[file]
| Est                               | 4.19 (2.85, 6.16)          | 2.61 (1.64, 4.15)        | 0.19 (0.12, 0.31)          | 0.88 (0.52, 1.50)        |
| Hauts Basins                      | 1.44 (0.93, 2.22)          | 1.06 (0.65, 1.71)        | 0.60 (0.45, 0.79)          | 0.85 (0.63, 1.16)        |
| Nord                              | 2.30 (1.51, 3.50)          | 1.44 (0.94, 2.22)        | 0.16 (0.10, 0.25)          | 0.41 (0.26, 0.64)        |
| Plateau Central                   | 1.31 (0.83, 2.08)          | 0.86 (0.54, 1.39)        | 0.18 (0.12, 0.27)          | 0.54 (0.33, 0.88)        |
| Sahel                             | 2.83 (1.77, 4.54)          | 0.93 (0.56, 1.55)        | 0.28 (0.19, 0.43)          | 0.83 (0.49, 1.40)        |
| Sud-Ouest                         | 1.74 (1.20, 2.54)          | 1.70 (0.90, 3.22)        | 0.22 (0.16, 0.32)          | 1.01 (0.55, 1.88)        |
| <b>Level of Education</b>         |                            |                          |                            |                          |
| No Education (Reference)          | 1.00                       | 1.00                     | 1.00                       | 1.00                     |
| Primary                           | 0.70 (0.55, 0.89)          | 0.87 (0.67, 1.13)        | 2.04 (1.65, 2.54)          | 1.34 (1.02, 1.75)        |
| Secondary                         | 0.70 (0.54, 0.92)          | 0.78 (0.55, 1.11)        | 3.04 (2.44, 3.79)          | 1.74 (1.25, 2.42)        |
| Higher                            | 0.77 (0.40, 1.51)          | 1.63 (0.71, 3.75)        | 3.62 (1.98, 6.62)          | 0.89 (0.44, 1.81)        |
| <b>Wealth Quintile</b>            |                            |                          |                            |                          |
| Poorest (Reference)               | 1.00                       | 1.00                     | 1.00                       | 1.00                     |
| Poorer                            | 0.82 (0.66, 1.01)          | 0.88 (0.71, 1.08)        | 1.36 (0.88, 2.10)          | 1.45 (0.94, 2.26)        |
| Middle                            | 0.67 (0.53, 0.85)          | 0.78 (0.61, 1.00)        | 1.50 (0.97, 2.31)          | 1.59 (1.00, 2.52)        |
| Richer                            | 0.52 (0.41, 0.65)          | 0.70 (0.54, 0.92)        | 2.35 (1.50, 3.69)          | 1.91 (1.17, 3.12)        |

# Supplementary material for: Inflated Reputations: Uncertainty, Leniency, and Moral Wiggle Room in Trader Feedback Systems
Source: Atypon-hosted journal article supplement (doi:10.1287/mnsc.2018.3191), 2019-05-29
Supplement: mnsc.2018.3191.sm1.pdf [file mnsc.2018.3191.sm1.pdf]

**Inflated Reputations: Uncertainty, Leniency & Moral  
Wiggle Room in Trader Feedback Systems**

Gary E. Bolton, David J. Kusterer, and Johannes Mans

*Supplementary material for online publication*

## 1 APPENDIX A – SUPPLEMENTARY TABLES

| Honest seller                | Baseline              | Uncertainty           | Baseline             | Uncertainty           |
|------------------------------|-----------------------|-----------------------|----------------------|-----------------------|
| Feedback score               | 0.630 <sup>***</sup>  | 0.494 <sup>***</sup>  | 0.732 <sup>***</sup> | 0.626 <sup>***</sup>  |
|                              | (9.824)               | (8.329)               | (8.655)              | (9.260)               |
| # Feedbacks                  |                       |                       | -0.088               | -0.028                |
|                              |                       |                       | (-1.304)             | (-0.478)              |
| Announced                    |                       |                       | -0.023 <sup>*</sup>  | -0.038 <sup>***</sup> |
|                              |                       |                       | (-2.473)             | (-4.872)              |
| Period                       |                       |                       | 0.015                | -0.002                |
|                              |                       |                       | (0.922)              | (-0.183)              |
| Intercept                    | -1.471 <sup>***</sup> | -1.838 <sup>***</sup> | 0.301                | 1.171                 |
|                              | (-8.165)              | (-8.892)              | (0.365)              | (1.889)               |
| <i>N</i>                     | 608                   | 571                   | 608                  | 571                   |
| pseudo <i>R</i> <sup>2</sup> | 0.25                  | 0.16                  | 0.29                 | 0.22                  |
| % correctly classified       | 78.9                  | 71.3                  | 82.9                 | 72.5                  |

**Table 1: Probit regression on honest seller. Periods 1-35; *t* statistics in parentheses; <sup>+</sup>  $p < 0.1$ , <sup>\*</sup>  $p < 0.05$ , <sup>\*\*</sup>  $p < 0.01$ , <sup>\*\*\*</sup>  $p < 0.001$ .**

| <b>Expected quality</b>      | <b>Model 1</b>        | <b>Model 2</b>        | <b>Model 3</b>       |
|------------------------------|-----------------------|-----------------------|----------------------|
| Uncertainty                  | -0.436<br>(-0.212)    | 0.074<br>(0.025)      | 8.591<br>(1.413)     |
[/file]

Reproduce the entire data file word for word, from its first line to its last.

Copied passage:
| Est                               | 4.19 (2.85, 6.16)          | 2.61 (1.64, 4.15)        | 0.19 (0.12, 0.31)          | 0.88 (0.52, 1.50)        |
| Hauts Basins                      | 1.44 (0.93, 2.22)          | 1.06 (0.65, 1.71)        | 0.60 (0.45, 0.79)          | 0.85 (0.63, 1.16)        |
| Nord                              | 2.30 (1.51, 3.50)          | 1.44 (0.94, 2.22)        | 0.16 (0.10, 0.25)          | 0.41 (0.26, 0.64)        |
| Plateau Central                   | 1.31 (0.83, 2.08)          | 0.86 (0.54, 1.39)        | 0.18 (0.12, 0.27)          | 0.54 (0.33, 0.88)        |
| Sahel                             | 2.83 (1.77, 4.54)          | 0.93 (0.56, 1.55)        | 0.28 (0.19, 0.43)          | 0.83 (0.49, 1.40)        |
| Sud-Ouest                         | 1.74 (1.20, 2.54)          | 1.70 (0.90, 3.22)        | 0.22 (0.16, 0.32)          | 1.01 (0.55, 1.88)        |
| <b>Level of Education</b>         |                            |                          |                            |                          |
| No Education (Reference)          | 1.00                       | 1.00                     | 1.00                       | 1.00                     |
| Primary                           | 0.70 (0.55, 0.89)          | 0.87 (0.67, 1.13)        | 2.04 (1.65, 2.54)          | 1.34 (1.02, 1.75)        |
| Secondary                         | 0.70 (0.54, 0.92)          | 0.78 (0.55, 1.11)        | 3.04 (2.44, 3.79)          | 1.74 (1.25, 2.42)        |
| Higher                            | 0.77 (0.40, 1.51)          | 1.63 (0.71, 3.75)        | 3.62 (1.98, 6.62)          | 0.89 (0.44, 1.81)        |
| <b>Wealth Quintile</b>            |                            |                          |                            |                          |
| Poorest (Reference)               | 1.00                       | 1.00                     | 1.00                       | 1.00                     |
| Poorer                            | 0.82 (0.66, 1.01)          | 0.88 (0.71, 1.08)        | 1.36 (0.88, 2.10)          | 1.45 (0.94, 2.26)        |
| Middle                            | 0.67 (0.53, 0.85)          | 0.78 (0.61, 1.00)        | 1.50 (0.97, 2.31)          | 1.59 (1.00, 2.52)        |
| Richer                            | 0.52 (0.41, 0.65)          | 0.70 (0.54, 0.92)        | 2.35 (1.50, 3.69)          | 1.91 (1.17, 3.12)        |

# Supplementary material for: Inflated Reputations: Uncertainty, Leniency, and Moral Wiggle Room in Trader Feedback Systems
Source: Atypon-hosted journal article supplement (doi:10.1287/mnsc.2018.3191), 2019-05-29
Supplement: mnsc.2018.3191.sm1.pdf [file mnsc.2018.3191.sm1.pdf]

**Inflated Reputations: Uncertainty, Leniency & Moral  
Wiggle Room in Trader Feedback Systems**

Gary E. Bolton, David J. Kusterer, and Johannes Mans

*Supplementary material for online publication*

## 1 APPENDIX A – SUPPLEMENTARY TABLES

| Honest seller                | Baseline              | Uncertainty           | Baseline             | Uncertainty           |
|------------------------------|-----------------------|-----------------------|----------------------|-----------------------|
| Feedback score               | 0.630 <sup>***</sup>  | 0.494 <sup>***</sup>  | 0.732 <sup>***</sup> | 0.626 <sup>***</sup>  |
|                              | (9.824)               | (8.329)               | (8.655)              | (9.260)               |
| # Feedbacks                  |                       |                       | -0.088               | -0.028                |
|                              |                       |                       | (-1.304)             | (-0.478)              |
| Announced                    |                       |                       | -0.023 <sup>*</sup>  | -0.038 <sup>***</sup> |
|                              |                       |                       | (-2.473)             | (-4.872)              |
| Period                       |                       |                       | 0.015                | -0.002                |
|                              |                       |                       | (0.922)              | (-0.183)              |
| Intercept                    | -1.471 <sup>***</sup> | -1.838 <sup>***</sup> | 0.301                | 1.171                 |
|                              | (-8.165)              | (-8.892)              | (0.365)              | (1.889)               |
| <i>N</i>                     | 608                   | 571                   | 608                  | 571                   |
| pseudo <i>R</i> <sup>2</sup> | 0.25                  | 0.16                  | 0.29                 | 0.22                  |
| % correctly classified       | 78.9                  | 71.3                  | 82.9                 | 72.5                  |

**Table 1: Probit regression on honest seller. Periods 1-35; *t* statistics in parentheses; <sup>+</sup>  $p < 0.1$ , <sup>\*</sup>  $p < 0.05$ , <sup>\*\*</sup>  $p < 0.01$ , <sup>\*\*\*</sup>  $p < 0.001$ .**

| <b>Expected quality</b>      | <b>Model 1</b>        | <b>Model 2</b>        | <b>Model 3</b>       |
|------------------------------|-----------------------|-----------------------|----------------------|
| Uncertainty                  | -0.436<br>(-0.212)    | 0.074<br>(0.025)      | 8.591<br>(1.413)     |